The View From Here – Our sense of social community should always be inclusive and never elite

Tom Henihan

There are many definitions of the word “community” but the Oxford dictionary offers one that is most commonly understood as defining social community: “A particular area or place considered together with its inhabitants,”i.e. ‘a rural community’ or a ‘local community.’

The term community normally carries the inference of mutual support and mutual endeavour and as the Oxford Dictionary suggests, in the context of small, rural towns that usually means the inclusion of all who live in the area.

Of course the word “community” can be a proverbial doubled edged sword: on the one hand applied faithfully representing the all-encompassing, but it can also mean exclusion on grounds of economic, social, and racial differences.

The latter use of the term is a betrayal of its higher meaning; with any kind of qualifier or exclusion it fails to be truly communal and instead becomes factionist, which is the polar opposite and enemy of the true spirit of community.

When a faction masquerades behind the term community it changes the all-encompassing circle to a line in the sand, as it is now used to alienate one sector of the community from the rest.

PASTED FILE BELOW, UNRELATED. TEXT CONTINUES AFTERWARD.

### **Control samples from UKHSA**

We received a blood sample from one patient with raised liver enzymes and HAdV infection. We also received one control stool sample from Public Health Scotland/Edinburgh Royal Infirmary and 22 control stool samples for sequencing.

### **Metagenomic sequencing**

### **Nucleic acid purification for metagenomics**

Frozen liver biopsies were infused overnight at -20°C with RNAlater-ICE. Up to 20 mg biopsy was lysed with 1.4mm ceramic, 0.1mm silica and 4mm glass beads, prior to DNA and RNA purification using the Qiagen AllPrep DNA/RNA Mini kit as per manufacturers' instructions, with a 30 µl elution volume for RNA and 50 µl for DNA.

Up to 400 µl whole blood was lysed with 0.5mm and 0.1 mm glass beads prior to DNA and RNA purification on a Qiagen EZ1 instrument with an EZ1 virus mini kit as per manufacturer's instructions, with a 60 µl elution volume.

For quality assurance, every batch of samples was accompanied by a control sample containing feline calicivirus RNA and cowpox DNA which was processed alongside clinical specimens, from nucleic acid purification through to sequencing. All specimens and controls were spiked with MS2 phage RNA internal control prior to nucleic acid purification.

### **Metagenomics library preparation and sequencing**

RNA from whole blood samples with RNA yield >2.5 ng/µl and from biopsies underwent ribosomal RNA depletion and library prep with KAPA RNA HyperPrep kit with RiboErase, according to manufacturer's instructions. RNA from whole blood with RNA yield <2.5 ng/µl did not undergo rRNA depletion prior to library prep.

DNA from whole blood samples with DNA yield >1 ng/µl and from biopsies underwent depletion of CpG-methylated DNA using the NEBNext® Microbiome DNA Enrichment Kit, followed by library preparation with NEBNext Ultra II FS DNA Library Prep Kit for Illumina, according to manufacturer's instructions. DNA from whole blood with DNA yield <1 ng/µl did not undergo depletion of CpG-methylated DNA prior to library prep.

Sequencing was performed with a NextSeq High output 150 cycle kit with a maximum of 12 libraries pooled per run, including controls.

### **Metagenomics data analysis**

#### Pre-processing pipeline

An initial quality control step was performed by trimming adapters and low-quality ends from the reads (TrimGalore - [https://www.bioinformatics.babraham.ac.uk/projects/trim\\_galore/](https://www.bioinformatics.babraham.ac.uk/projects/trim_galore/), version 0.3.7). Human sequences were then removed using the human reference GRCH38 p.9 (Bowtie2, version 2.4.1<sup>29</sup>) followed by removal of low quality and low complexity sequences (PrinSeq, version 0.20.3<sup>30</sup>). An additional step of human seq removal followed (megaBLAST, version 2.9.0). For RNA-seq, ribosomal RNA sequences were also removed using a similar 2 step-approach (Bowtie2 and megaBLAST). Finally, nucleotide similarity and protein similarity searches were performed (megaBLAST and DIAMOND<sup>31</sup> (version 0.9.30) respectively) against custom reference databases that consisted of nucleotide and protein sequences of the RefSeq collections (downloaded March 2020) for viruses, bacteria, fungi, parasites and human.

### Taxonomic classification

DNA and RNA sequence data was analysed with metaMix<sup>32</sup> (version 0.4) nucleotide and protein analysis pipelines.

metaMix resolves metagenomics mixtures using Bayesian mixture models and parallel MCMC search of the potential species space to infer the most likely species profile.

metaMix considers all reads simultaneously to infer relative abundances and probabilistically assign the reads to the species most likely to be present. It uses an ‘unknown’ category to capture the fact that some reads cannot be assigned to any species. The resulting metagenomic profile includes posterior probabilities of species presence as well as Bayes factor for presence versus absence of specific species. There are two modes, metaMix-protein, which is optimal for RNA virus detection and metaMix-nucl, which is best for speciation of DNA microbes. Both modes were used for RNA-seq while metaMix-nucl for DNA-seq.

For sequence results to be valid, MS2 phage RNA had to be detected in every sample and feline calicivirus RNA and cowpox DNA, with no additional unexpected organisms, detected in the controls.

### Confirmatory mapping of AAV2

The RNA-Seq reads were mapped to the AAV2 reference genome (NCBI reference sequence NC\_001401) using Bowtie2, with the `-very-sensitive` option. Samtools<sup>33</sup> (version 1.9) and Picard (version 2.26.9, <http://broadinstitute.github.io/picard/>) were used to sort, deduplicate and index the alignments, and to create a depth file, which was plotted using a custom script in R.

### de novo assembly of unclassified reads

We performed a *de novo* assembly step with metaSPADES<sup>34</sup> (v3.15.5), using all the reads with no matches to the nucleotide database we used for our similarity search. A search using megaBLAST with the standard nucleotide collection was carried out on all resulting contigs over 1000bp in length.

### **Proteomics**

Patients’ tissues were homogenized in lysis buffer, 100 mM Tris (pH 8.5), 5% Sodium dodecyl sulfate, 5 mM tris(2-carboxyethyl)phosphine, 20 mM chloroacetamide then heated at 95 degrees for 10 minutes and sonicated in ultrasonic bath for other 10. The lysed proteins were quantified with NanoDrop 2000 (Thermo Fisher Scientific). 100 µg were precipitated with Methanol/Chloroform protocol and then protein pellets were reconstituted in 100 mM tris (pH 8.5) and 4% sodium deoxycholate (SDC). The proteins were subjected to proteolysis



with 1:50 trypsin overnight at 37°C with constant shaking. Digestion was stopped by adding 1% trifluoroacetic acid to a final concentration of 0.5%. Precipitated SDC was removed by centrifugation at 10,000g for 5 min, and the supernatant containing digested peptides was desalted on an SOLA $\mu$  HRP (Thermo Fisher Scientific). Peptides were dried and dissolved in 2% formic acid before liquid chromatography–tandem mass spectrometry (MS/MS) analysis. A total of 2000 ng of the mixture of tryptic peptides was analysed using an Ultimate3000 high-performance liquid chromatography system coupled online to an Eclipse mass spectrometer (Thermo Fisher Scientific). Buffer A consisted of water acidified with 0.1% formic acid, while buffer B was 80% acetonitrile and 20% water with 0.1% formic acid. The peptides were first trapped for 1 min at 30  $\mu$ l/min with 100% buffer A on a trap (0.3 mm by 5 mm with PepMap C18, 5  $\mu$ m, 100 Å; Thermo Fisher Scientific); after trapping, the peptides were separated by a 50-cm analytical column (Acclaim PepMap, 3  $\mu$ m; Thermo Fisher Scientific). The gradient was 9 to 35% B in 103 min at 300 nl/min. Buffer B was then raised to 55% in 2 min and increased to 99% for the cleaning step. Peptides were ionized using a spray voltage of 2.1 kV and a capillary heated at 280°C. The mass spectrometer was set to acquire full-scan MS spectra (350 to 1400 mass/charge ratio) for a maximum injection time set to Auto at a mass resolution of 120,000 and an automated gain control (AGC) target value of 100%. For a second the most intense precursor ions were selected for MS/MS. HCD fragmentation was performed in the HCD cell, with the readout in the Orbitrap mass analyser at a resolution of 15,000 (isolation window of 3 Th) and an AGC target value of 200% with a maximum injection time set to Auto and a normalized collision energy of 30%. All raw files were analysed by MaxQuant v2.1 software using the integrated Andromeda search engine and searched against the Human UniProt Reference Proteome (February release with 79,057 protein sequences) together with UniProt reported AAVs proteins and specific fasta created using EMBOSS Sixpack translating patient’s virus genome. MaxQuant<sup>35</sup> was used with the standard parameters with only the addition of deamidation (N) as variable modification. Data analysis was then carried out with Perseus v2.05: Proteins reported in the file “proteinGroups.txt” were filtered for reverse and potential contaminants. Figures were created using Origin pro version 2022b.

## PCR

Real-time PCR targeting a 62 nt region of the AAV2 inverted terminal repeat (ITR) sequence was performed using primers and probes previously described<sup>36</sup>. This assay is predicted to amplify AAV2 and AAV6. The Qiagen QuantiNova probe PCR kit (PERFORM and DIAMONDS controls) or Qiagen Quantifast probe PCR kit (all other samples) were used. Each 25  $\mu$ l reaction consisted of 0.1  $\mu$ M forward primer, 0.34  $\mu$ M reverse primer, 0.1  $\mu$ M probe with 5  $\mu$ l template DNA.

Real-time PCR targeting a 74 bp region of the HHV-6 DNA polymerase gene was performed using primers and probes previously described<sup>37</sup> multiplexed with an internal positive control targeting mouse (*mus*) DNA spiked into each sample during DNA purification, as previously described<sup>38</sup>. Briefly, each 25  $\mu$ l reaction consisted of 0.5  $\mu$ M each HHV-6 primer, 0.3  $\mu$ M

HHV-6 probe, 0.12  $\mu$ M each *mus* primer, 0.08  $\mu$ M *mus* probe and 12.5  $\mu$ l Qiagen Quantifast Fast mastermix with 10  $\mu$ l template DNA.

This is especially true when the term is co-opted by those who belong to the majority, those who assume some comfortable notion of being in the ascendency and as such only they get to decide what individuals and institutions get to be members of the community and which ones do not.

So, when the term community is used it is incumbent on everyone within that community to examine the spirit in which the word is being used.

Everyone should ask not only who is involved and welcome to participate but who is absent and why.

It is important for people to enquire if any group has been deliberately excluded or if a sufficient overture has been made to include everyone.

In is a common hazard, of which all communities should be aware, that very often people who have a divisive mindset put themselves in the position of decision-making on behalf of their community in order to subtly implement and promote their prejudices.

Either deliberately or subliminally the word community can be used as much to shut out certain sectors of society as it can be used to create a true and decent sense of community.

According to Coretta Scott King, “the greatness of a community is most accurately measured by the compassionate actions of its members,” and by that thinking, if we want a great community we need decent, just, inclusive and compassionate individuals making community decisions.

As Chief Joseph, the inspired, ledgendary and often quoted leader of the Oregon, Nez Perce First Nation said: “It does not require many words to speak the truth.”

Conversely, it doesn’t take many words to speak falsehoods either, and sometimes it takes only one such as “community” when that word is used to exclude any individual, group or demographic living within that community.


Share this post